The Biscayne’s story is one of tragedy and triumph: The Chevrolet dream car, along with 1955’s La Salle II roadster, also headed for Pebble, was lying in a pile of pieces at Warhoops Auto Parts, a wrecking yard just up the road from Warren. GM had ordered many of its concept cars destroyed so the vehicles wouldn’t be on the corporation’s books as taxable corporate assets, as well as to dispatch liability issues. The Biscayne was sent to Warhoops for crushing a couple days before Christmas in 1959. The employee who brought it there was in a rush to get home for the holiday and didn’t stick around to witness the car’s demolition. In lieu of crushing, the Biscayne was cut into pieces and stacked in the yard.
Flash forward to 1988, the dream cars having spent some thirty years exposed to the elements. Mark Bortz, Joe’s son, happens upon the rubble. “The Biscayne was just a pile of fiberglass lying in the mud,” says the elder Bortz of the discovery. The roof and the doors had been cut off, the frame was MIA, and the remains of the body had warped over the years. It took Bortz’s team of fabricators three years to put the pieces back together and mount them onto a replica frame. Bortz had found archival photos of the chassis and used those as a guide. The windshield, a huge expanse of glass that wraps around and up, was a particular challenge; four were molded before an acceptable one was created.
Back at the Tech Center, four of the five dream cars are in place when a transporter rumbles in. The Biscayne is aboard, and the anticipation for its return to GM after an absence of forty-nine years is palpable. The trailer’s side doors swing open; the Biscayne is first seen in profile – it’s slung low, and the paint, while green as originally shown, seems hand brushed and doesn’t match from panel to panel. And then the unexpected happens – its small-block V-8 fires up, and the Biscayne rolls off the transporter under its own power. It’s driven into the setting, taking its rightful place among its more coddled brethren.
Bortz is determined to complete the restoration, but even in its current state, the Biscayne is a design of distinction, especially airy for a ’50s confection. It’s smaller, lower, and more delicate than one would expect. The rear deck foreshadows the simple and elegant first-generation Corvair; the car’s side scoop design predicts the ’56 Corvette‘s; and the distinctive C-pillar treatment found its way onto production Cadillacs and top-of-the line Buicks. The toothy front end, a Corvette reference, is a bit overstated, but as a whole, the Biscayne is the most real-world of all the dream cars onsite.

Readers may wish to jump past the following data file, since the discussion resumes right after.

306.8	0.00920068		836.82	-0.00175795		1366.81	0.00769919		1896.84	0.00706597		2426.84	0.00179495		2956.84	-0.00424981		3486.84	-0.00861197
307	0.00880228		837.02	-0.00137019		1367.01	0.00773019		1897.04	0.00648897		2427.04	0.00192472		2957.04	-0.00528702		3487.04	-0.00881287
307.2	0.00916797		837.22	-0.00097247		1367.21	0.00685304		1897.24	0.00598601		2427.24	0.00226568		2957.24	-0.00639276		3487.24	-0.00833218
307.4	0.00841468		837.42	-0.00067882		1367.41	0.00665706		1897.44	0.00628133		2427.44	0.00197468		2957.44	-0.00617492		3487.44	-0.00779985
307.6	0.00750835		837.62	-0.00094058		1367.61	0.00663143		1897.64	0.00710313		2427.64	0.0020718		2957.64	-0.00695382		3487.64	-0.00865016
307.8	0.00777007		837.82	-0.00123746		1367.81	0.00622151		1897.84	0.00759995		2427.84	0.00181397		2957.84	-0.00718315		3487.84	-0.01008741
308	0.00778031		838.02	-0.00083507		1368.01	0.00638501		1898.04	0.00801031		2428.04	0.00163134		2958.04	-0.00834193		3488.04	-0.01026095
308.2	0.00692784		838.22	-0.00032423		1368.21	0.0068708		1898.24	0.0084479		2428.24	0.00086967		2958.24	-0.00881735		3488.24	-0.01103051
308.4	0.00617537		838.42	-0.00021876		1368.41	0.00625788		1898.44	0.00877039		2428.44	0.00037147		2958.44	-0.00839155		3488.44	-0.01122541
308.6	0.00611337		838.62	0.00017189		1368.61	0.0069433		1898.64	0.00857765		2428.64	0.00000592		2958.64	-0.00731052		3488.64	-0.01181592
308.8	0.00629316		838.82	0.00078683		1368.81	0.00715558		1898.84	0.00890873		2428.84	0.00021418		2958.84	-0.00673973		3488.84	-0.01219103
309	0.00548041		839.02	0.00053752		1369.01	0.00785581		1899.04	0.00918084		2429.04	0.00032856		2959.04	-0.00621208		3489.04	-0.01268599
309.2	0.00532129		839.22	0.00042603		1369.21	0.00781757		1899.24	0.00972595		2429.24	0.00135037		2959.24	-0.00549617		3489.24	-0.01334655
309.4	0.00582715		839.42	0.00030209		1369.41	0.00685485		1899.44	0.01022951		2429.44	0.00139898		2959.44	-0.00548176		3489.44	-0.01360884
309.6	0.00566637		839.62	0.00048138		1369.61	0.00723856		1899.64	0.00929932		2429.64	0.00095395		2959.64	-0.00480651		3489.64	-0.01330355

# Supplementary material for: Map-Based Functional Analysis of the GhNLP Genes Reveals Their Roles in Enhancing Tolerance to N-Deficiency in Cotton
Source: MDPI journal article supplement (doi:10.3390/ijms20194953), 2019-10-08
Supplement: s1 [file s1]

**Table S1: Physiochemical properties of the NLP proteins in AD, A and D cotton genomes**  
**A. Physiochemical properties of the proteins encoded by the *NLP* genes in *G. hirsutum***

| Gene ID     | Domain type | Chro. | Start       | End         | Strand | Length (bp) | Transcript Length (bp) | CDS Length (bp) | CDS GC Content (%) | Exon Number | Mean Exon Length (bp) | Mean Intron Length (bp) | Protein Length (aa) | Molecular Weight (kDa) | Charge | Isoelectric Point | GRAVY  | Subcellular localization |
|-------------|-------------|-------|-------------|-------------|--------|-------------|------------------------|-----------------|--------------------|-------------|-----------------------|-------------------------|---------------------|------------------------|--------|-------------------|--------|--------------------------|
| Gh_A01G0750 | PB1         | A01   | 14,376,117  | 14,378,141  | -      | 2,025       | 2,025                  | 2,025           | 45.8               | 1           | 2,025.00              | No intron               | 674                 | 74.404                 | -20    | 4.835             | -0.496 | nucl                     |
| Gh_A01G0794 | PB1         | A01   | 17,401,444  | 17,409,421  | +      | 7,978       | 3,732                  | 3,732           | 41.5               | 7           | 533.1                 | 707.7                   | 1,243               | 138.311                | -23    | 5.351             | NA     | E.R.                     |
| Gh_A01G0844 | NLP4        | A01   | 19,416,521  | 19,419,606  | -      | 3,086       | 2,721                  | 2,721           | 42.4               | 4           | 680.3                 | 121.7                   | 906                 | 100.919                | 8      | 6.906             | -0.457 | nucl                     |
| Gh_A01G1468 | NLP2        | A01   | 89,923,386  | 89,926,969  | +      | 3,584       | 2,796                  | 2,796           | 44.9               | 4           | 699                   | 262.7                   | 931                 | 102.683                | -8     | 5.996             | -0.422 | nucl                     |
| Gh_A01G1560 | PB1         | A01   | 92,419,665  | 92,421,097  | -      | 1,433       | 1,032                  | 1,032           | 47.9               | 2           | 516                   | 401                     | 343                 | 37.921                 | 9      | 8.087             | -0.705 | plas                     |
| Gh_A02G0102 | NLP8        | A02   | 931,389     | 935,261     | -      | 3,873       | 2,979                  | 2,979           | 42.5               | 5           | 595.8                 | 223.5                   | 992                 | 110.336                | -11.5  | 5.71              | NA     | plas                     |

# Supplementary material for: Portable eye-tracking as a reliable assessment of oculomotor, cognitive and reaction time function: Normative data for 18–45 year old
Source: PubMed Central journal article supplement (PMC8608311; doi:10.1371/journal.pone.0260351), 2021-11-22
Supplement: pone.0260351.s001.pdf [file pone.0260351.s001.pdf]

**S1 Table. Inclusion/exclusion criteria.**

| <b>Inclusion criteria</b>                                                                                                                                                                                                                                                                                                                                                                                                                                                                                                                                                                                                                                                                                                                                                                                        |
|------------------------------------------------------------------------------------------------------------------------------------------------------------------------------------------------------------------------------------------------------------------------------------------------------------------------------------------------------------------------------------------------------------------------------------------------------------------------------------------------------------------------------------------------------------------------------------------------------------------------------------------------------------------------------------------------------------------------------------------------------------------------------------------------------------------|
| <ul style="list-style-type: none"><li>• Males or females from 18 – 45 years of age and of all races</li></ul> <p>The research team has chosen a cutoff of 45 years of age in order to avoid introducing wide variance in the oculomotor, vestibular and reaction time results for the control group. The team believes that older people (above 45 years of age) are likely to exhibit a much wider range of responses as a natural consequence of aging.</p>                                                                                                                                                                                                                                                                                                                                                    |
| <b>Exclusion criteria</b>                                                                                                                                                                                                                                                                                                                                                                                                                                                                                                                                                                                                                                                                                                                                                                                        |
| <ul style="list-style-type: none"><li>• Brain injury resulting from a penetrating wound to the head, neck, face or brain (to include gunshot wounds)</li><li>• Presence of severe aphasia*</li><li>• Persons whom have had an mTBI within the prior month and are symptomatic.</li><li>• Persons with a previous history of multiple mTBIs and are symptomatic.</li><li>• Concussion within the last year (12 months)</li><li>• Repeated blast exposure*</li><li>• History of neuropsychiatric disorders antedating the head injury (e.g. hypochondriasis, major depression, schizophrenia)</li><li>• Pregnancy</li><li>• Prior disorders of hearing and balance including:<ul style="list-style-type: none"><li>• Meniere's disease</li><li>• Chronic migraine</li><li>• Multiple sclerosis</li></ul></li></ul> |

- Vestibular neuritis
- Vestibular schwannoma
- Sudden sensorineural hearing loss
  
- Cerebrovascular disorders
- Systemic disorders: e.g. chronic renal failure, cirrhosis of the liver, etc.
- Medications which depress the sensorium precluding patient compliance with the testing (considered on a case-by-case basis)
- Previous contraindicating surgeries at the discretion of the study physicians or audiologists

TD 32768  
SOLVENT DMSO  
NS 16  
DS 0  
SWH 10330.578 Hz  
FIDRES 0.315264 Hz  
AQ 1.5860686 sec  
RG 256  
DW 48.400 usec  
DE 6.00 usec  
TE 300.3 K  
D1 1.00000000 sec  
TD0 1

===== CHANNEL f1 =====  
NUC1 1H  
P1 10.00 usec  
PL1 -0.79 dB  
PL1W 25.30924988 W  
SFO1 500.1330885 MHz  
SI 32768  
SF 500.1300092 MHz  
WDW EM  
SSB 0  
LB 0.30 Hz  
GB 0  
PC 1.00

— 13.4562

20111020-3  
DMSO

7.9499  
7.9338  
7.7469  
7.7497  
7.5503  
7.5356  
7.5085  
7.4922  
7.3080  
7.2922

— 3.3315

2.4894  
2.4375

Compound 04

When the dream cars were crafted, it was an article of faith that the future was something to anticipate with optimism, rather than dread. The Motorama indicated the kind of thinking that would have you believe that possibility is limited only by imagination. The world of tomorrow was once a wonderful thing to contemplate. Let’s hope that experiencing these cars again will catalyze that positive thought. We certainly could use a dose of that kind of future right about now.
DESIGNING A MOTORAMA CAR
By Robert Cumberford
Late in 1955, I was assigned temporarily to a GM styling “body studio” directed by Herb Kadau, who had no staff. I would be his junior stylist (my official title) and sketch artist. He was to transform the 1955 Cadillac Eldorado Brougham Motorama car into a formal town car suitable for attending the opera. There wasn’t that much to do:
I just had to imagine a rear compartment roof, with the driver exposed to the elements to emphasize the class privileges of the people in back.
I pinned up twenty-five or thirty variants. Nothing fancy, no color renderings, just black pencil on plain paper. One day, GM design vice president Harley Earl himself came in alone. I had seen him once or twice in the year I’d been with GM, but this was my first working contact. Earl liked a folding fabric roof I had drawn, complete with landau bars. “Lou,” he said – Earl called Kadau “Lou Kadoo,” and no one dared correct him – “what’s he thinking here?” The “he” in question was me. It was surreal. Earl would not suffer to speak to low-level people, nor should mere mortals address the great man directly. So Kadau turned and asked me. I explained, whereupon Herb/Lou turned back to Mr. Earl to repeat what I had just said.
I thought hinting at a convertible’s crossbows would be elegant. Earl agreed, had us leave off landau irons, dictated a padded black leather cover, and that was that. A wonderful, middle European draftsman, Joe Hrabach, drew it up full-size, in the process teaching me more about drafting than I had learned in years of school, and I went back to the Chevrolet studio. That roof profile showed up later on millions of early-1960s GM cars. Motorama magic: dream car to everyman in five years.